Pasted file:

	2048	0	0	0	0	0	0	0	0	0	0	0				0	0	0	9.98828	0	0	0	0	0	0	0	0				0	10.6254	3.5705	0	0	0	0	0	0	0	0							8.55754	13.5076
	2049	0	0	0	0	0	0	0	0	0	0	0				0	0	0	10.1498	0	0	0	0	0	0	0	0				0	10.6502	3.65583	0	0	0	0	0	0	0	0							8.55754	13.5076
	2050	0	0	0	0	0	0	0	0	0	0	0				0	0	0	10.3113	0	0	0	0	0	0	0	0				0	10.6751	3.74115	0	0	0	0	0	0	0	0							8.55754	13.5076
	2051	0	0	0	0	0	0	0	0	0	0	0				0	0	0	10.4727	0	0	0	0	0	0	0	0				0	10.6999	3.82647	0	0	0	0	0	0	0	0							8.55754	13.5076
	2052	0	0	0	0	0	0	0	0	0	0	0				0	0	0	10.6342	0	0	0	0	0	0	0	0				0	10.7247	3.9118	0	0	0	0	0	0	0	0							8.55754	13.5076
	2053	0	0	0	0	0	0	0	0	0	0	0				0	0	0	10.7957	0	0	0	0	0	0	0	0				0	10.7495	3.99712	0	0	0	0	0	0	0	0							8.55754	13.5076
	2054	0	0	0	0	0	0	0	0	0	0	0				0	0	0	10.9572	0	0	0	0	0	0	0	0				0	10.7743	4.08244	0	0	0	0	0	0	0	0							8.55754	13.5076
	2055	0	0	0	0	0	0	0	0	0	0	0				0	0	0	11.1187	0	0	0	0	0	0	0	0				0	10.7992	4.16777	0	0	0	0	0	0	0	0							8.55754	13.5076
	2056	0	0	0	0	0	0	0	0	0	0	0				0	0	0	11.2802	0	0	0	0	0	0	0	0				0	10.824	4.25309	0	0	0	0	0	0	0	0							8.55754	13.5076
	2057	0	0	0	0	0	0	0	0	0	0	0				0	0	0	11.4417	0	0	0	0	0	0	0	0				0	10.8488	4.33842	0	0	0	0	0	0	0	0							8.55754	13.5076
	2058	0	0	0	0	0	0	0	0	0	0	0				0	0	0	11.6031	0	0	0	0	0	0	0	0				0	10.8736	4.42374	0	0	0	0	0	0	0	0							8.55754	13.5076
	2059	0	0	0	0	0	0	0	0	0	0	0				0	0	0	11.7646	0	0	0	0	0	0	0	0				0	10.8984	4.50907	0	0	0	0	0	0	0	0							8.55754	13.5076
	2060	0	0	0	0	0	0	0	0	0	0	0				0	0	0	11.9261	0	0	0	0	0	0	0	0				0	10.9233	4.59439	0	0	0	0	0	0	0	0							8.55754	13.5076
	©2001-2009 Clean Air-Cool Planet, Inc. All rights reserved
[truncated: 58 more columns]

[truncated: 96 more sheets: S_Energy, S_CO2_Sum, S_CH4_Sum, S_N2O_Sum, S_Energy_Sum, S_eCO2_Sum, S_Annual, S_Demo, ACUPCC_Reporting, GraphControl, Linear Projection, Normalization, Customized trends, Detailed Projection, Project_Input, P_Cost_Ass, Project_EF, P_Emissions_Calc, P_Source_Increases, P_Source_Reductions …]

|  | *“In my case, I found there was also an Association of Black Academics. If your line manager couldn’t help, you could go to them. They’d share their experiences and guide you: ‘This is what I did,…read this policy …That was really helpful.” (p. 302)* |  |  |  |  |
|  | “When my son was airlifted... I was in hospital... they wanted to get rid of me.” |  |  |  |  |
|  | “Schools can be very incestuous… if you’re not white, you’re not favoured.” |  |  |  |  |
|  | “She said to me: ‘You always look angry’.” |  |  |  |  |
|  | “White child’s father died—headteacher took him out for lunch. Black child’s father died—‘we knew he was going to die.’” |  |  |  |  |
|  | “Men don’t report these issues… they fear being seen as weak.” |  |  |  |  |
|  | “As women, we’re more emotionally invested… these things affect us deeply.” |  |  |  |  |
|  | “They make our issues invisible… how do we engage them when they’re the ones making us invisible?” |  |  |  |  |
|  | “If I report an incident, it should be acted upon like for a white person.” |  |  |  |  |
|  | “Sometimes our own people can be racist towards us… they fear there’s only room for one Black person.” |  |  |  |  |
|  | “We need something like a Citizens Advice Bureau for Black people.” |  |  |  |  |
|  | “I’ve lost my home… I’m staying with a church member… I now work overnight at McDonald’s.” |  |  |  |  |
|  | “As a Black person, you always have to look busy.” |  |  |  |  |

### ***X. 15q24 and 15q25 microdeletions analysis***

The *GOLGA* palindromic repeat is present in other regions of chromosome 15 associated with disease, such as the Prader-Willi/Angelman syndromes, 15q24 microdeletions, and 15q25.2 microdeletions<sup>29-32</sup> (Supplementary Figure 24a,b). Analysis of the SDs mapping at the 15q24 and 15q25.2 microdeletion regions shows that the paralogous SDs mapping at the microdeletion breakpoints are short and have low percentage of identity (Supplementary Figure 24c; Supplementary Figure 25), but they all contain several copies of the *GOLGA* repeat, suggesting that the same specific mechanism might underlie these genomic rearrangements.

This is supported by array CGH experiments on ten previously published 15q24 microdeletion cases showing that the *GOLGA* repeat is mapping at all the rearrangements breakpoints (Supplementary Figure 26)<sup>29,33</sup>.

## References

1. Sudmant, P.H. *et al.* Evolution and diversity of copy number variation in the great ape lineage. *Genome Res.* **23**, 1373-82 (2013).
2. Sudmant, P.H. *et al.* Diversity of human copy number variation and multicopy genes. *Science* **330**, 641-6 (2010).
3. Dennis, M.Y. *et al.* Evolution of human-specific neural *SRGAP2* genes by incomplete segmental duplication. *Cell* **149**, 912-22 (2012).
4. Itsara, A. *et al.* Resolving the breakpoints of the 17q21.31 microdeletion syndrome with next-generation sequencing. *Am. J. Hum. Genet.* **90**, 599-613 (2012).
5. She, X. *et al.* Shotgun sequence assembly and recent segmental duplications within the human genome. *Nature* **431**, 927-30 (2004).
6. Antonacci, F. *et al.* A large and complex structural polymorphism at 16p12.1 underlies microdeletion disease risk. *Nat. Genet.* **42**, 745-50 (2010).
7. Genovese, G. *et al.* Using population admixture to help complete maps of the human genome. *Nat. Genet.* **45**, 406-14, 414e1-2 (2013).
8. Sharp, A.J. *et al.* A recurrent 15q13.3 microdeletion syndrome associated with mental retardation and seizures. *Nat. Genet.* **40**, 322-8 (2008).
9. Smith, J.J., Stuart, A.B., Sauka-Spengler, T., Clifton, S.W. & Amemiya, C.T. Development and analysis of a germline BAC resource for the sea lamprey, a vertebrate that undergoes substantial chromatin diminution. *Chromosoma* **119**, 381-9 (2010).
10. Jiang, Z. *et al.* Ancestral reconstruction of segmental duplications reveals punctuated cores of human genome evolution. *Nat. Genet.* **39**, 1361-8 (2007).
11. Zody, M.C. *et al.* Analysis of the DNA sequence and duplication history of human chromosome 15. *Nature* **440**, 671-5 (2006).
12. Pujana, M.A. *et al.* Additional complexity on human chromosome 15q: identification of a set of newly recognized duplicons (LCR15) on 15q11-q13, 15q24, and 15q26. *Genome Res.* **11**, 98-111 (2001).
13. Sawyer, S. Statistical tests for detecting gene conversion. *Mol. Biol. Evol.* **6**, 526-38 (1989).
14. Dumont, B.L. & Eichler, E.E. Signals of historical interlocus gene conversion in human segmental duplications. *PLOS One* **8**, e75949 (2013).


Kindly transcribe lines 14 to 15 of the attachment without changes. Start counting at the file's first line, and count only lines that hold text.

	©2001-2009 Clean Air-Cool Planet, Inc. All rights reserved
[truncated: 58 more columns]